SCMP Monday, November 13, 2000
Middle Eastern bloc foils HK
GARY CHEUNG in Pusan, South Korea
Hong Kong's polling of the lowest number of votes in the second round of the contest to host the 2006 Asian Games showed it had failed to get any real support outside East Asia.
The SAR could only secure six votes in both the first and second rounds. Given that the votes of China, Macau and Taiwan were in the bag, only three others were attracted to the SAR. Voting members' identities were not revealed.
Of the 41 members of the Olympic Council of Asia, eight are from East Asia and 10 from Southeast Asia. Eight members represent National Olympic Committees in South and Central Asia, while 15 come from the Middle East.
Doha would have comfortably secured the 15 votes from Middle Eastern countries. Olympic Council of Asia president Sheikh Ahmad al-Fahd al-Sabah had apparently thrown his weight behind Doha's bid during a recent visit there.
North Korea's delegates, who were expected to back the SAR, did not turn up in Pusan yesterday.
Timothy Fok Tsun-ting, vice-chairman of Hong Kong's Asian Games Bid Committee, admitted that Arabic countries were united at international events and were inclined to vote as a bloc. Hong Kong officials said the SAR had little contact with Middle East countries. "We are disadvantaged in this regard," Mr Fok said. "I had asked the North Korean officials to put aside political difference. Perhaps they are absent this time because the venue is in South Korea."
Ronnie Wong Man-chiu, deputy secretary of the Sports Federation and Olympic Committee of Hong Kong, said many sports officials in Asian countries were astonished by the result.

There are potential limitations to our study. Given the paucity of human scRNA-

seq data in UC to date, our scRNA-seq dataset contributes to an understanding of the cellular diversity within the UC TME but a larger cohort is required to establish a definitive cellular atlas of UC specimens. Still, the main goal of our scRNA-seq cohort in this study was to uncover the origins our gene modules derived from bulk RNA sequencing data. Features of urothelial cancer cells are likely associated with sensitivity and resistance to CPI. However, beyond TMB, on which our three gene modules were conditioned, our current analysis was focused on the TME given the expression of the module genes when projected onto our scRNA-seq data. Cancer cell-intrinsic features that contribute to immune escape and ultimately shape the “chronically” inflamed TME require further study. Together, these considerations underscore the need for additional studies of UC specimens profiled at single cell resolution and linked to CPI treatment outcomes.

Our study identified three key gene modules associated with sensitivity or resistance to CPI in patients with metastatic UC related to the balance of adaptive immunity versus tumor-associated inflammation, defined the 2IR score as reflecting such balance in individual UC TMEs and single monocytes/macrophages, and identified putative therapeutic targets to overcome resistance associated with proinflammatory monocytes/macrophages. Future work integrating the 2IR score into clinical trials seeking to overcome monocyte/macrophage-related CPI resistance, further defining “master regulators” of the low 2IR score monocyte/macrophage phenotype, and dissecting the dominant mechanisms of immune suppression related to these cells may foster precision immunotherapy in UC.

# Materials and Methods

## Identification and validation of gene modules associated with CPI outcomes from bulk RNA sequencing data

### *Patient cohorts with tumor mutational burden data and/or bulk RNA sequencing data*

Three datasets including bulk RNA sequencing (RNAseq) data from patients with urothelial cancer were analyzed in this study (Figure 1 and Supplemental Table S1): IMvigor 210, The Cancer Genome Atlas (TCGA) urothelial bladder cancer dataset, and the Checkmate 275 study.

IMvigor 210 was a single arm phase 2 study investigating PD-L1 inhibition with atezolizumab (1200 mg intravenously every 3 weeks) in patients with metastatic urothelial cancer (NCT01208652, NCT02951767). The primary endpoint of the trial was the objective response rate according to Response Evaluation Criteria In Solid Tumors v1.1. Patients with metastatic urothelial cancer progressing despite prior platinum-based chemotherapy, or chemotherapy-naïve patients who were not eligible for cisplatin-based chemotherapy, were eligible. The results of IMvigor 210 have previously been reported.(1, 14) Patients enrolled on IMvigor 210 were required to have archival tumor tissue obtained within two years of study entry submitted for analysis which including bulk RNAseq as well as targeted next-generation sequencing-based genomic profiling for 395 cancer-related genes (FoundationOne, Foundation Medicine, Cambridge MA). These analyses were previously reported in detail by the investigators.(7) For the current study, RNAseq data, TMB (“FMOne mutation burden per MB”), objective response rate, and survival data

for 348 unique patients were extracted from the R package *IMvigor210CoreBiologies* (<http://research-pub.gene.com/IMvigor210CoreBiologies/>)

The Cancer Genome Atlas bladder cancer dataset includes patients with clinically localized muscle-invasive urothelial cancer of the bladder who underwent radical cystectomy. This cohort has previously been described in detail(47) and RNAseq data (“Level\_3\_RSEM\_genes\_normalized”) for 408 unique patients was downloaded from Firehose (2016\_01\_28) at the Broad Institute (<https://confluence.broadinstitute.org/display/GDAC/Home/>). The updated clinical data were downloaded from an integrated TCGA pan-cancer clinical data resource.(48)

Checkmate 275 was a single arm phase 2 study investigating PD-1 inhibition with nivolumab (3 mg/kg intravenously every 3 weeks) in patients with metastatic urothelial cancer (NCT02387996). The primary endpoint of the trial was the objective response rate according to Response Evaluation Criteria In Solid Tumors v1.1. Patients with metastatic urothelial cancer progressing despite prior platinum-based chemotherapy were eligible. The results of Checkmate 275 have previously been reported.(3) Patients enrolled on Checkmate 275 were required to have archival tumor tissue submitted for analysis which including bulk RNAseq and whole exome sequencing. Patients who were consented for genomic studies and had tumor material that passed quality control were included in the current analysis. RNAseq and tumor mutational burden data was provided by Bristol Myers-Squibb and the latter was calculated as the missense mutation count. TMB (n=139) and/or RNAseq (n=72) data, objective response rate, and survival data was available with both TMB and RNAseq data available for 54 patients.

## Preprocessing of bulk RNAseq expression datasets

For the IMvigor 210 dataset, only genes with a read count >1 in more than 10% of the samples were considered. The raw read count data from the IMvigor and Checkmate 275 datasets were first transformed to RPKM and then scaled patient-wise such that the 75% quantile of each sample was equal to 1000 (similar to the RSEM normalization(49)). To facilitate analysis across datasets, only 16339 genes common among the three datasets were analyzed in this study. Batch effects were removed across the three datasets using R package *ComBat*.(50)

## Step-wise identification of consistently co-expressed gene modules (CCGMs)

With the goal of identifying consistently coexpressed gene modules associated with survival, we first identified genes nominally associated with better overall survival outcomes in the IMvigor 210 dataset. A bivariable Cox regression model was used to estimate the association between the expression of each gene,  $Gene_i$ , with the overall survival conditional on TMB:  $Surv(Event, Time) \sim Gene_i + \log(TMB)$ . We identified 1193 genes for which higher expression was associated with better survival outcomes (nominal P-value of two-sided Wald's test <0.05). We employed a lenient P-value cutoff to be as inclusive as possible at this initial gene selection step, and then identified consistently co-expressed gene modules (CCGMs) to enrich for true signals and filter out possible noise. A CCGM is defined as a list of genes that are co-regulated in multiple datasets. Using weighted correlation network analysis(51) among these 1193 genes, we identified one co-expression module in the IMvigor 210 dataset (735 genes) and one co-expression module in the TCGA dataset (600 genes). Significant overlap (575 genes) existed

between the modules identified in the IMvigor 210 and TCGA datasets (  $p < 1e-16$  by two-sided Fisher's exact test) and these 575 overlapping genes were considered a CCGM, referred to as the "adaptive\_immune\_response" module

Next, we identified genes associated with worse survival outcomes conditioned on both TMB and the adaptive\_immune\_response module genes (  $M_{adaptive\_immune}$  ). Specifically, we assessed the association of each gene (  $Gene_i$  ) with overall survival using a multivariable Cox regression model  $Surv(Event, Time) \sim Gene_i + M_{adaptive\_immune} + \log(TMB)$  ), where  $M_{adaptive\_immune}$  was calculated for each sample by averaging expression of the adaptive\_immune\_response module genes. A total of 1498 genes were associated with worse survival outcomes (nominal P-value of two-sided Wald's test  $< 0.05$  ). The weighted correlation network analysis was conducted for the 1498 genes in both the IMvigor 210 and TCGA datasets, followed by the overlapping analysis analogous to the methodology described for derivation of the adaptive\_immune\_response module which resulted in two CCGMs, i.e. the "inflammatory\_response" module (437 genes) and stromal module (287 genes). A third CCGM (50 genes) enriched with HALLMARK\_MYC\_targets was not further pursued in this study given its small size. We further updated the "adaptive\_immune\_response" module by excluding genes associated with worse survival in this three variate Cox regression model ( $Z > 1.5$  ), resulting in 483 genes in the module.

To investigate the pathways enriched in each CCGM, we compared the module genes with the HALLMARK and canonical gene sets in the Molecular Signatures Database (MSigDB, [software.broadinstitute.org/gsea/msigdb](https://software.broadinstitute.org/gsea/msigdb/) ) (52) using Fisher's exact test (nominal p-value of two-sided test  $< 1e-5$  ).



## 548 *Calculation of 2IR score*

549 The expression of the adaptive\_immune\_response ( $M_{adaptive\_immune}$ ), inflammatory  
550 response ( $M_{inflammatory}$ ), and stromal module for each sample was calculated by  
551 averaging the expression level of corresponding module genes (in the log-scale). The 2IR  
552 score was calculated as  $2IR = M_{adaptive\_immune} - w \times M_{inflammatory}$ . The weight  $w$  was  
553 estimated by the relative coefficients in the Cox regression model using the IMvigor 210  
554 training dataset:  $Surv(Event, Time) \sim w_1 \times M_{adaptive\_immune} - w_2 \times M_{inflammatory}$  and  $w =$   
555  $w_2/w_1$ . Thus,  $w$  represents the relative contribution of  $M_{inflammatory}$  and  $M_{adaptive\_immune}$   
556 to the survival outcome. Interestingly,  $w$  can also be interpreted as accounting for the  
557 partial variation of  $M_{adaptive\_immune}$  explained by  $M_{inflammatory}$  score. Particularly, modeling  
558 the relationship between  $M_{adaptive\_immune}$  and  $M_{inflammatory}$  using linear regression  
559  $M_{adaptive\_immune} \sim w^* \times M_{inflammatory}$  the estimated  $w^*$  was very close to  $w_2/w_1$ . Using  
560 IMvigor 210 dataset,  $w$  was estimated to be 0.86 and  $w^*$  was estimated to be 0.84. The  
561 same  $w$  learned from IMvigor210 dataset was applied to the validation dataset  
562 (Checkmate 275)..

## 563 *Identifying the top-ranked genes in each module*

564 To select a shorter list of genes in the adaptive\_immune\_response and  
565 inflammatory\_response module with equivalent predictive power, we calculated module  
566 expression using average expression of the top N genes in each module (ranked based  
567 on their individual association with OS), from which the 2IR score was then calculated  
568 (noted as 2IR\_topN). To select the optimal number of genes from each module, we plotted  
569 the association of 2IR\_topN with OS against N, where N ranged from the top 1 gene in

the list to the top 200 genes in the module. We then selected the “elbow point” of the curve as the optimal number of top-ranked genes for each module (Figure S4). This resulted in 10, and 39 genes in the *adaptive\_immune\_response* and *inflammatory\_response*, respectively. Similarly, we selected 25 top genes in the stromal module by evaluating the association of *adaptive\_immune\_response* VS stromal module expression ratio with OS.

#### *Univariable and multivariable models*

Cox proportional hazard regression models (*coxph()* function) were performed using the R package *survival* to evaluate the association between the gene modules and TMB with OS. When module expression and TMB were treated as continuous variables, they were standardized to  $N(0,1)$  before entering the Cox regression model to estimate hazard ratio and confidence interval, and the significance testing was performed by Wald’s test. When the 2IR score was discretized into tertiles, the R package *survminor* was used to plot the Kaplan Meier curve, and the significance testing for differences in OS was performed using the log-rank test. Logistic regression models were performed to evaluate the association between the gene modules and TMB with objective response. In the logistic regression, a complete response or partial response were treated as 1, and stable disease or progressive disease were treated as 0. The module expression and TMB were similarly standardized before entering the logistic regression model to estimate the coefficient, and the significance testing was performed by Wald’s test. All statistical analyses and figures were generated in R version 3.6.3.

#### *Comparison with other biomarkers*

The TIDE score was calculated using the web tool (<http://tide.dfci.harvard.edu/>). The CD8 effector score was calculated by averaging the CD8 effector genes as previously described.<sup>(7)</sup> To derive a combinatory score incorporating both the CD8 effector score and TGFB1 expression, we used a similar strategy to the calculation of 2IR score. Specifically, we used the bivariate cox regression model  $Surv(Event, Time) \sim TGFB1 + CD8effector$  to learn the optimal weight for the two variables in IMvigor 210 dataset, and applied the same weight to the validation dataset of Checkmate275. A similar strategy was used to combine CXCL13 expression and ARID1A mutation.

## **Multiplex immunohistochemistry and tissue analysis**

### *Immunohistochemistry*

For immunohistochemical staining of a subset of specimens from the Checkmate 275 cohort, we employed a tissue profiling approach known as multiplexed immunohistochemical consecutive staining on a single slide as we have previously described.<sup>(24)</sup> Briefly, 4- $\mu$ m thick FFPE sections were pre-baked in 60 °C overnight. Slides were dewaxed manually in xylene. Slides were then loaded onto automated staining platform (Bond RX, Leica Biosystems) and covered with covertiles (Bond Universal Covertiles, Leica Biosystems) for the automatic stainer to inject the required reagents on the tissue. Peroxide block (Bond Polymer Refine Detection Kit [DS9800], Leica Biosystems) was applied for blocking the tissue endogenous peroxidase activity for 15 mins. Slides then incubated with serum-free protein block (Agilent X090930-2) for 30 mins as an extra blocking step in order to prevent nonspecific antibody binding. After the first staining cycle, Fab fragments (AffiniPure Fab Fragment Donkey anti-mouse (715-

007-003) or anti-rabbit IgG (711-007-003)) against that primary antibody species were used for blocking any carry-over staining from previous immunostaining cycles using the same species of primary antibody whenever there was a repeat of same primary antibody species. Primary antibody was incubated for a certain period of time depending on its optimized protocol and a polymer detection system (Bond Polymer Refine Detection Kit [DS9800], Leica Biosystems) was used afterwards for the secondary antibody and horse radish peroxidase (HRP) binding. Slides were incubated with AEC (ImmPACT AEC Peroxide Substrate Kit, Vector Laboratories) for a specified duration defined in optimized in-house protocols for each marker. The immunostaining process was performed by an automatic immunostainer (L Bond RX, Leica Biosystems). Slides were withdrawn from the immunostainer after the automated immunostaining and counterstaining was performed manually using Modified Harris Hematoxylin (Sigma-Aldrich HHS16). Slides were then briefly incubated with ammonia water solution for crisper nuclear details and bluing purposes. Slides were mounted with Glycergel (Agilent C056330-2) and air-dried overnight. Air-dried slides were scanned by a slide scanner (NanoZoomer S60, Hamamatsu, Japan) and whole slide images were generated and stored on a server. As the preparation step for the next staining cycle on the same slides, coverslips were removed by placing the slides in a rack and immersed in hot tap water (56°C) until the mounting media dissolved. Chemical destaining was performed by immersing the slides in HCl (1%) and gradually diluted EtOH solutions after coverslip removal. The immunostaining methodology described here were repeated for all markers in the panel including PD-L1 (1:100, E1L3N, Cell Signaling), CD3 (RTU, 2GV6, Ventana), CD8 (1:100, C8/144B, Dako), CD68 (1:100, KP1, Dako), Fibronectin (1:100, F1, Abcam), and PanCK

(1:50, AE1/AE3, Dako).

"Doha has suddenly emerged as the strongest contender in the past two days," said Mr Wong, who was one of the six SAR representatives attending the meeting.
Some South Asian countries unexpectedly cast their votes for Doha, as did most of the five former Soviet republics in Central Asia, despite their close ties to China.
Qatar succeeded in drawing India's two votes after New Delhi was eliminated in the first round, adding to its 20 in the first round.
Malaysian officials claimed that Kuala Lumpur had made a deal with India to gather its votes if New Delhi were eliminated in the first round. The final count left them feeling betrayed.
The presentation by Doha to the General Assembly was by no means impressive, analysts said, compared to that of Hong Kong and Kuala Lumpur. A senior Chinese sports official said: "At the end of the day, the voting for the bid to host international sports events is a political game."
Mr Wong said it would have been better if the Government had launched its campaign earlier. The Government decided to bid last November, while Malaysia has been campaigning since 1997.